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The Moon in Its Flight.

Gilbert Sorrentino. The Moon in Its Flight. Coffee House, 2004. 266 pp. Paper: $16.00.

For years I've felt that the title piece of this collection is among the ten best stories in the history of American literature; its availability in book form--along with the other nineteen stories collected--is long overdue. Here, all the qualities that make Gilbert Sorrentino's writing unique are at work: his intelligence, his profoundly dark humor, the unerring precision of his language, his control over narrative, and the grace with which he obliterates social and literary conventions. Along with the title piece, the majority of these stories are strongly narrative, although they probably have more in common with marionette theater than with most American short fiction. The characters resemble wooden puppets whose possibilities for movement and/or choice are confined within their small worlds to the predictable words and gestures available to their narrators. These narrators characteristically step into the story to comment--with a mixture of sarcasm and apology--on their own embarrassment at having to resort to such tired and predictable plots, such vapid emotional baggage, and dialogue and descriptions steeped in literary cliche. In this fictional world, life is indeed banal stuff, but the fault--the narrator points out--is not his, nor, of course, the characters'; it is due to the shabby material the narrator/creator has to work with--a situation that, in Sorrentino's hands, is typically hilarious. That this situation is at the same time inescapably desperate owes to the fact that the source of all this "shabby material" is nothing other than the reality we live in. These stories, then, represent a high point in American metafiction, the point at which to speak of narrative self-referentiality as "clever" is to be utterly (perhaps blissfully) ignorant about life. In addition to the narrative pieces, this collection includes a number of collage-type works that show the influence visual art has had on Sorrentino's writing (e.g., one piece takes its name from Cornell's "Allegory of Innocence"). Remarkable both for the precision of their "random" assemblage and the (somewhat contradictory) insinuation into the work's material of subtly narrative lines, these pieces are as brilliant and complete as the rest of Sorrentino's short fiction.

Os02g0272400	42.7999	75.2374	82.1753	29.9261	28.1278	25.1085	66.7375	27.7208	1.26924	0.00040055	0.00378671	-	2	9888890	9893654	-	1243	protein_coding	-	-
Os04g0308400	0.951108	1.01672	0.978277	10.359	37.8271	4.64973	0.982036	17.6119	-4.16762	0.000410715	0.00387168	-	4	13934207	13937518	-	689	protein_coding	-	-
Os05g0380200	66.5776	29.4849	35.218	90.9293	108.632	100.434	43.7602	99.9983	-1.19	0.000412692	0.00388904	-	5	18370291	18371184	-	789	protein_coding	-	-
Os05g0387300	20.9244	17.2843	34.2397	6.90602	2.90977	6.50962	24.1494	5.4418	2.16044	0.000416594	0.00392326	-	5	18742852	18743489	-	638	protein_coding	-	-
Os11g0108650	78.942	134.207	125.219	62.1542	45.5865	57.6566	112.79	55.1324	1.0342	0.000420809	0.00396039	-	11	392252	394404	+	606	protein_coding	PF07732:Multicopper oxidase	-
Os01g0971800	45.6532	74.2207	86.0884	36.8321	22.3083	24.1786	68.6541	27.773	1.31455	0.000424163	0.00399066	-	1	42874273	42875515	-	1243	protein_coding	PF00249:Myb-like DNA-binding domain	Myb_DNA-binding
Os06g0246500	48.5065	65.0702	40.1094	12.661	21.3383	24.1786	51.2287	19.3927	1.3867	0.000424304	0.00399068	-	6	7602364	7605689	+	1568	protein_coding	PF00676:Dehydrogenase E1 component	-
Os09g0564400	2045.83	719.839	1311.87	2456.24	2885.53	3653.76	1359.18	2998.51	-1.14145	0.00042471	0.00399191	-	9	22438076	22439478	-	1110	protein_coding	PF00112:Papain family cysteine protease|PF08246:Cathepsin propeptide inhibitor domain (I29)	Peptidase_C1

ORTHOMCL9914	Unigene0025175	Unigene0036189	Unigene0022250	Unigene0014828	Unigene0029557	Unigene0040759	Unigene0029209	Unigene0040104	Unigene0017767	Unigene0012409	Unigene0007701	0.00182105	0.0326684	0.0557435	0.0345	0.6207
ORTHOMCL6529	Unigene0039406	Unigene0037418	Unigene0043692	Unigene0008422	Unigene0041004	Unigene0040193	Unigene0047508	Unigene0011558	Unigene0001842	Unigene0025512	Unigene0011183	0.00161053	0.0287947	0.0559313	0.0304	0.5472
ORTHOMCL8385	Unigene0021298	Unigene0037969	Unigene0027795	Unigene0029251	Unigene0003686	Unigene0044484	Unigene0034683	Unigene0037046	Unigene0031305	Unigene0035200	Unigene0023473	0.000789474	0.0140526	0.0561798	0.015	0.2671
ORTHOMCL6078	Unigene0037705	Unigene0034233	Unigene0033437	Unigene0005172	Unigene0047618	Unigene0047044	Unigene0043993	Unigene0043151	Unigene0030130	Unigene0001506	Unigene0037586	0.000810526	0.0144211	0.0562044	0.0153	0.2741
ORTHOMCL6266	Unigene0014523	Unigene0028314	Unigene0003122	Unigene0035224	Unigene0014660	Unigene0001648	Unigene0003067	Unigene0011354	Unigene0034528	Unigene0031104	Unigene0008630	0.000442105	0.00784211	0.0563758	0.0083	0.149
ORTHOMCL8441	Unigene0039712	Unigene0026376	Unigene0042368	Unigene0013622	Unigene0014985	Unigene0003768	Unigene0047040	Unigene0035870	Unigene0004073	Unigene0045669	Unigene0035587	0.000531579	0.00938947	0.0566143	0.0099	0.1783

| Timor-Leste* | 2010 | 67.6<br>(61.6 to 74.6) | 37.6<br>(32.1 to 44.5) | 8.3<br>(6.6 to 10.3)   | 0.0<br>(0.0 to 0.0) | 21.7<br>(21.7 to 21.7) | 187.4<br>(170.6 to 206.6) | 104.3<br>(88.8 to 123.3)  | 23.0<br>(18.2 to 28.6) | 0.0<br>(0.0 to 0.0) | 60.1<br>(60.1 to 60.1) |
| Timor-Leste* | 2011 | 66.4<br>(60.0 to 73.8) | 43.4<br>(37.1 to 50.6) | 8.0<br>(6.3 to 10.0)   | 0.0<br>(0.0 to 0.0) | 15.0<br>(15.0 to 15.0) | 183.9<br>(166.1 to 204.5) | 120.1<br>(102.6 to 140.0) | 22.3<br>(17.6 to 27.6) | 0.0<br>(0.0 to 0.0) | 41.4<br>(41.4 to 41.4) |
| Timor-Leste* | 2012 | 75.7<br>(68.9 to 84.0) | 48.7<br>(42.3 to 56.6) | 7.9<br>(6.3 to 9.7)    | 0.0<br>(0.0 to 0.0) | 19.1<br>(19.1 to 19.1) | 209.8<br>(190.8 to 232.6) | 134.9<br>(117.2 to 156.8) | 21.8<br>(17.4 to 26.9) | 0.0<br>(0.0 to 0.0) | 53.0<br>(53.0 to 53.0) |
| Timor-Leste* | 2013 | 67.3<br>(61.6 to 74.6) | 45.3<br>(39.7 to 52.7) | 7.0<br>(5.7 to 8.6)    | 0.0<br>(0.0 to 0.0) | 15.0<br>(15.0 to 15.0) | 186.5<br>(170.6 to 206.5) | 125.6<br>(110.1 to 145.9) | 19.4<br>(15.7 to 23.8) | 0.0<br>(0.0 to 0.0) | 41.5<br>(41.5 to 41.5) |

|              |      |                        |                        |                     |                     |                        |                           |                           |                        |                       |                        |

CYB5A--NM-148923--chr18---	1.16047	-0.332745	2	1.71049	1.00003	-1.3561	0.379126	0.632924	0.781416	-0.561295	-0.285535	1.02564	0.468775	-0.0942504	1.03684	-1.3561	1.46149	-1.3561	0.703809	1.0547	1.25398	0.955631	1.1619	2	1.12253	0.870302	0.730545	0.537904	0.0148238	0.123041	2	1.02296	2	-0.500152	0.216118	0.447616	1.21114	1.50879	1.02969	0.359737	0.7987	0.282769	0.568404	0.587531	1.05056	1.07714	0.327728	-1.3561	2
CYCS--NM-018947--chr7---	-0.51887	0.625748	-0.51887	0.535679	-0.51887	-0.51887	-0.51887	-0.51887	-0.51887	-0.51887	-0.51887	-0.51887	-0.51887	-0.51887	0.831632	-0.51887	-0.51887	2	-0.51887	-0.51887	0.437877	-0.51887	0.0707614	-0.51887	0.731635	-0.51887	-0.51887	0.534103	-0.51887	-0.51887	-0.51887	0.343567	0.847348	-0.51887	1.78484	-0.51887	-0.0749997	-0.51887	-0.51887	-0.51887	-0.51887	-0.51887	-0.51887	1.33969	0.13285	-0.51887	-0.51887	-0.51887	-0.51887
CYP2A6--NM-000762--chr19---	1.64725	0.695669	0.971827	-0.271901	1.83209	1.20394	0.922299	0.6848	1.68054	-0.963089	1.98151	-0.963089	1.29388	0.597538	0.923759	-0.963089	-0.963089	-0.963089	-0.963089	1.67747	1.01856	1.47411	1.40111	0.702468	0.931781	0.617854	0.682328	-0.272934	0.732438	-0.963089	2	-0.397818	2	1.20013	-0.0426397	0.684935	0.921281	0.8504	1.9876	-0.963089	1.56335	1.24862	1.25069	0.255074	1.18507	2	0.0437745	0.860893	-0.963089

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Author:Riker, Martin
Publication:The Review of Contemporary Fiction
Article Type:Book Review
Date:Sep 22, 2004
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